The Washington Post yesterday asked a federal judge to overturn a jury's verdict last July that the newspaper libeled Mobil Oil Corp. president William P. Tavoulareas in a 1979 article and dismiss $2,050,000 in damages he had been awarded.

Irving Younger, a lawyer representing The Post, told U.S. District Judge Oliver Gasch that Tavoulareas' lawyers "failed to prove the falsity" of the portions of the Nov. 30, 1979, article that they claimed were libelous.

Moreover, Younger said, "There's nothing to support the jury's finding of constitutonal malice"--the standard by which Gasch had instructed the six-member jury to decide the case. Knowingly publishing a false article or demonstrating a reckless disregard for the accuracy of an article constitutes constitutional malice in libel cases.

"We contend the jury's verdict was a mistake," Younger said, adding that Gasch, by overturning the jury's verdict, would not only "well serve the First Amendment, but also the rule of law."

Tavoulareas' lawyer, John J. Walsh of New York, argued that there was no reason to reverse the verdict.

"Now that the trial is over," Walsh said, "they the newspaper would like to see the trier of fact changed from the jury to the court. The Post wanted a jury trial; they got a jury trial."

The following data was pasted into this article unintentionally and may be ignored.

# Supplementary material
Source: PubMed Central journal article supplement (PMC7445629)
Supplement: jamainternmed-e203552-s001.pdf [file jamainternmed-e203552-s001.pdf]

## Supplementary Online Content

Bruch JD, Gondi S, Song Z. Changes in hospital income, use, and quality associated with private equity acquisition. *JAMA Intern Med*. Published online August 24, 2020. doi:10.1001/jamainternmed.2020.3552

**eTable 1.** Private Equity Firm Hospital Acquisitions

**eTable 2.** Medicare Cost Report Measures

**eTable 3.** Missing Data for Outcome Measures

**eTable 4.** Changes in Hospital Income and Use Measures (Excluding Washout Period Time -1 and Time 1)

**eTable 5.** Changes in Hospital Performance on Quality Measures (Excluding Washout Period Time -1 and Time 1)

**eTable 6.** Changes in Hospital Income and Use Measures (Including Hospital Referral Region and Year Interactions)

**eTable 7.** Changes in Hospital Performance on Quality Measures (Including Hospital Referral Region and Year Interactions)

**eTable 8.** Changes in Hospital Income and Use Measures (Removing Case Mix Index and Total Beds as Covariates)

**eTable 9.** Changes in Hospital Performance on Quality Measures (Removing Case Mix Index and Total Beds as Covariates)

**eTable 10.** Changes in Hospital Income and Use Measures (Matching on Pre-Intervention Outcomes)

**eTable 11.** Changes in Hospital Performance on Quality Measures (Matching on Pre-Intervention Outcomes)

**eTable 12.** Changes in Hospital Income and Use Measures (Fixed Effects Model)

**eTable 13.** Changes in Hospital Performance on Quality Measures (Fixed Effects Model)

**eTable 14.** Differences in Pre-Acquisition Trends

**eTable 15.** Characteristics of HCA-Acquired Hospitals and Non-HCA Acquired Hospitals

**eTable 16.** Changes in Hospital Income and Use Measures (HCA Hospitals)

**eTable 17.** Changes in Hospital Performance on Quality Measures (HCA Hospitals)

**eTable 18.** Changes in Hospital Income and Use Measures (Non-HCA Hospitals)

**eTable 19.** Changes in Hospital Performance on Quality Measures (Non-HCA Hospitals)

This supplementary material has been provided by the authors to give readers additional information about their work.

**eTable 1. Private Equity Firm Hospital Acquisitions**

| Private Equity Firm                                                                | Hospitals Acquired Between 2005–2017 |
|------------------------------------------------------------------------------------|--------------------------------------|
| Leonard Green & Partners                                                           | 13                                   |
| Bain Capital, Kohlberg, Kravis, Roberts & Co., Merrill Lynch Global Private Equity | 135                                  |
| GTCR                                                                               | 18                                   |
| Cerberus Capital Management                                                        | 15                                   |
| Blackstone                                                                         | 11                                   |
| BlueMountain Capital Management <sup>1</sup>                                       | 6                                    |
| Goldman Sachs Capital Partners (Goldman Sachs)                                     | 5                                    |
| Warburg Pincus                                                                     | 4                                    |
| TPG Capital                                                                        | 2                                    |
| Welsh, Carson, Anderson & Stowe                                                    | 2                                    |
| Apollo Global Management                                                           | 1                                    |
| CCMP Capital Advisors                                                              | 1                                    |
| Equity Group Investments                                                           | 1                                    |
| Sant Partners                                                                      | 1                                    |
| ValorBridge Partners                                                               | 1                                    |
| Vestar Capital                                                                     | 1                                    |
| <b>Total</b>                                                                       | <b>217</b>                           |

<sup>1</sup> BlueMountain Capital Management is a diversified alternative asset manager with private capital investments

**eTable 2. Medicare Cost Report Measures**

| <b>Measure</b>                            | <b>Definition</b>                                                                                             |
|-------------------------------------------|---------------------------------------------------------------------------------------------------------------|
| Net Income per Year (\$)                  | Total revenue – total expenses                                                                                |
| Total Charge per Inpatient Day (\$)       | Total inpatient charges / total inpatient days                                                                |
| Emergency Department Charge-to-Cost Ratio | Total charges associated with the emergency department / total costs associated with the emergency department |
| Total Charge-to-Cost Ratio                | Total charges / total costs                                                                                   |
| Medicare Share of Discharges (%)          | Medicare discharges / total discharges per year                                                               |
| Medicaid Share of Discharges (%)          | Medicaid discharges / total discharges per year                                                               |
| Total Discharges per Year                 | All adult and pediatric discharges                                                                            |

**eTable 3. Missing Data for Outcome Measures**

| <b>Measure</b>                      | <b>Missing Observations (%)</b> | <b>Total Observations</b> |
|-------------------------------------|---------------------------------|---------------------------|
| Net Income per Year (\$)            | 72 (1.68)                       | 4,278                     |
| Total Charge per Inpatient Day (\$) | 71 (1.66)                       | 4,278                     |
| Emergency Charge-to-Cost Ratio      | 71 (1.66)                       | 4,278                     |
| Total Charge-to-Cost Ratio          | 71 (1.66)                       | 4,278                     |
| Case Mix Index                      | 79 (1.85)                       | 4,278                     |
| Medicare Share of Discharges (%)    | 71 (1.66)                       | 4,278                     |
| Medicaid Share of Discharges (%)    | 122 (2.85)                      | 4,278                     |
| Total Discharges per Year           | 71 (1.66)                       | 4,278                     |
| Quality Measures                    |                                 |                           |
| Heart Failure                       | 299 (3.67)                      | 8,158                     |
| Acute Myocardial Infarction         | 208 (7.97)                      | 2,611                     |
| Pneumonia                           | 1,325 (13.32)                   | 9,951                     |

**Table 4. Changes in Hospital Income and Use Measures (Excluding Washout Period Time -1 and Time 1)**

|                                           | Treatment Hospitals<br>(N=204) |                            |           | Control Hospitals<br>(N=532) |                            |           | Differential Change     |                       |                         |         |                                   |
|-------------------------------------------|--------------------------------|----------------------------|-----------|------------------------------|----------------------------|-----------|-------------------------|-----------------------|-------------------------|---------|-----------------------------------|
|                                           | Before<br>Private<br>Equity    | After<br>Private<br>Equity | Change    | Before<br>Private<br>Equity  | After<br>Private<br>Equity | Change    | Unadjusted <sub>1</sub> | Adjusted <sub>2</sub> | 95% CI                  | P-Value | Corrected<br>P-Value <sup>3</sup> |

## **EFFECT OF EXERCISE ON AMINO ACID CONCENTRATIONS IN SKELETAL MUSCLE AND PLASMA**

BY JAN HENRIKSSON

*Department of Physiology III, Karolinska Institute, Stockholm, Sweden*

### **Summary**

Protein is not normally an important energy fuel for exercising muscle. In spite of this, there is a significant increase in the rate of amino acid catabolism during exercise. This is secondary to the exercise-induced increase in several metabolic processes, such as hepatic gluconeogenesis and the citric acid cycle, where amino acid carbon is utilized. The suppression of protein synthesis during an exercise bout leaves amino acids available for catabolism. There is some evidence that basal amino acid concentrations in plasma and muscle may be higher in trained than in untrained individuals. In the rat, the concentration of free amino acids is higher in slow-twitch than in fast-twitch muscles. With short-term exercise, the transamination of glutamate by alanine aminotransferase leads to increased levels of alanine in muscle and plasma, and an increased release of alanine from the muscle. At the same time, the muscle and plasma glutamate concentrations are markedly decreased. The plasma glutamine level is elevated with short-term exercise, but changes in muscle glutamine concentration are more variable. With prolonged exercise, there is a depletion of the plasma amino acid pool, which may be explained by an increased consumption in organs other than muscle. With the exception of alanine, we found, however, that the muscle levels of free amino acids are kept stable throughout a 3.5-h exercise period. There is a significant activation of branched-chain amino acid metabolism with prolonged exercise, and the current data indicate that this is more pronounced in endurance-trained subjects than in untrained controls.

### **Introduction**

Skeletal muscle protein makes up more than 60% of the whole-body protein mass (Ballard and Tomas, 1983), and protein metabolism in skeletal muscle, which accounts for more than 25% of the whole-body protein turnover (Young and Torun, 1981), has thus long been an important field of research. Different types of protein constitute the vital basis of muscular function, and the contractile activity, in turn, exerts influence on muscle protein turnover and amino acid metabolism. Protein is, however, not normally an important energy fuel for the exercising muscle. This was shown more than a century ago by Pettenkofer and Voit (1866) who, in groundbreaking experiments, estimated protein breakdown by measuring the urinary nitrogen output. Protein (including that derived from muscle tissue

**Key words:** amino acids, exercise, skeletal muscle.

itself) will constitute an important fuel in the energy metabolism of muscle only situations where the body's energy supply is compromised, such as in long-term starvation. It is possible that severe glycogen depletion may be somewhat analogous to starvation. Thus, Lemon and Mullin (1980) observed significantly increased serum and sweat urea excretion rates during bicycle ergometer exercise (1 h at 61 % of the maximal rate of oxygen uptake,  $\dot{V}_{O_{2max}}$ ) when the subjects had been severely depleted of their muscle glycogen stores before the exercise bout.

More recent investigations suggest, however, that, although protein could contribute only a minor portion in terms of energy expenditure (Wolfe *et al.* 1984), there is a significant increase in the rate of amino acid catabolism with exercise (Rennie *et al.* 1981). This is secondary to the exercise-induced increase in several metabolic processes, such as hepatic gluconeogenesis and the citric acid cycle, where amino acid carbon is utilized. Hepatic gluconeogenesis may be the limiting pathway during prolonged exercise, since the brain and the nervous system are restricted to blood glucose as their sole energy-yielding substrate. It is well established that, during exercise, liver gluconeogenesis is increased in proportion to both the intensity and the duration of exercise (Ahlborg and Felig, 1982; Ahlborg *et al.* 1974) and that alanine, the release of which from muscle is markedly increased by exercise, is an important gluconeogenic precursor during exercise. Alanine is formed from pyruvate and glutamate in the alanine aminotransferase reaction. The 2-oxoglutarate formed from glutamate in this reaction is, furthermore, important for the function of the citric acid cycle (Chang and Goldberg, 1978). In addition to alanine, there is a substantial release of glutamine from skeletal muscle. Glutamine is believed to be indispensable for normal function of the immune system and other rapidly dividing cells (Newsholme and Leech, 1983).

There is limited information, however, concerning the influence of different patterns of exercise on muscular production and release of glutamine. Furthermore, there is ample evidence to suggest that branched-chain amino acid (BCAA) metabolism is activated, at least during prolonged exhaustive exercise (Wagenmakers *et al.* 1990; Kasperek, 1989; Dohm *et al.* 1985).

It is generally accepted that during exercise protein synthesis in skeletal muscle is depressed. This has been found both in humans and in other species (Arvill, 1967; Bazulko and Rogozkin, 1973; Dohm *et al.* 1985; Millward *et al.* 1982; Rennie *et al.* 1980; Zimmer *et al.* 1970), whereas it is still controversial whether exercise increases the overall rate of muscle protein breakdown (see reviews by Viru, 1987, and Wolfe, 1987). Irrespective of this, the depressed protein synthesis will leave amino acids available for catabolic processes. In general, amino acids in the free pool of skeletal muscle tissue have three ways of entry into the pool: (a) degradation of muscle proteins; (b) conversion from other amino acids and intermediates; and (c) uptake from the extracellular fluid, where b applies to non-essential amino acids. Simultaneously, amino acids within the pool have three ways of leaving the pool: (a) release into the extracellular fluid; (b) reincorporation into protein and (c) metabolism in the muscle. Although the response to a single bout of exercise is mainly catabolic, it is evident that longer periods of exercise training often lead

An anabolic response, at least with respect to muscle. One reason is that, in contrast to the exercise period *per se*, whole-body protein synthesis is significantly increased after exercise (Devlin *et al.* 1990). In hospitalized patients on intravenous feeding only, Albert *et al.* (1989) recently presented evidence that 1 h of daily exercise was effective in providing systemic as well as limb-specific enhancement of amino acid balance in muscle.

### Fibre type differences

The case centers on the validity of a story that described the creation of the Atlas Maritime Co., a London shipping management firm headed by Tavoulareas' son Peter. The Tavoulareases claimed that the story held them up to ridicule by suggesting the elder Tavoulareas used his Mobil influence to establish his son in business.

The jury ruled that the newspaper, reporter Patrick Tyler who wrote the article and Sandy Golden, a special correspondent who led Tyler to an initial source for the story, had libeled the Mobil president but that they had not libeled his son.

Walsh argued that Tyler, in preparing the story, had "disregarded anything that would contradict the main theme: that William Tavoulareas was an evil genius who concocted a scheme to set up a company with the purpose of aiding his son."

Gasch gave no indication of when he would rule in the case.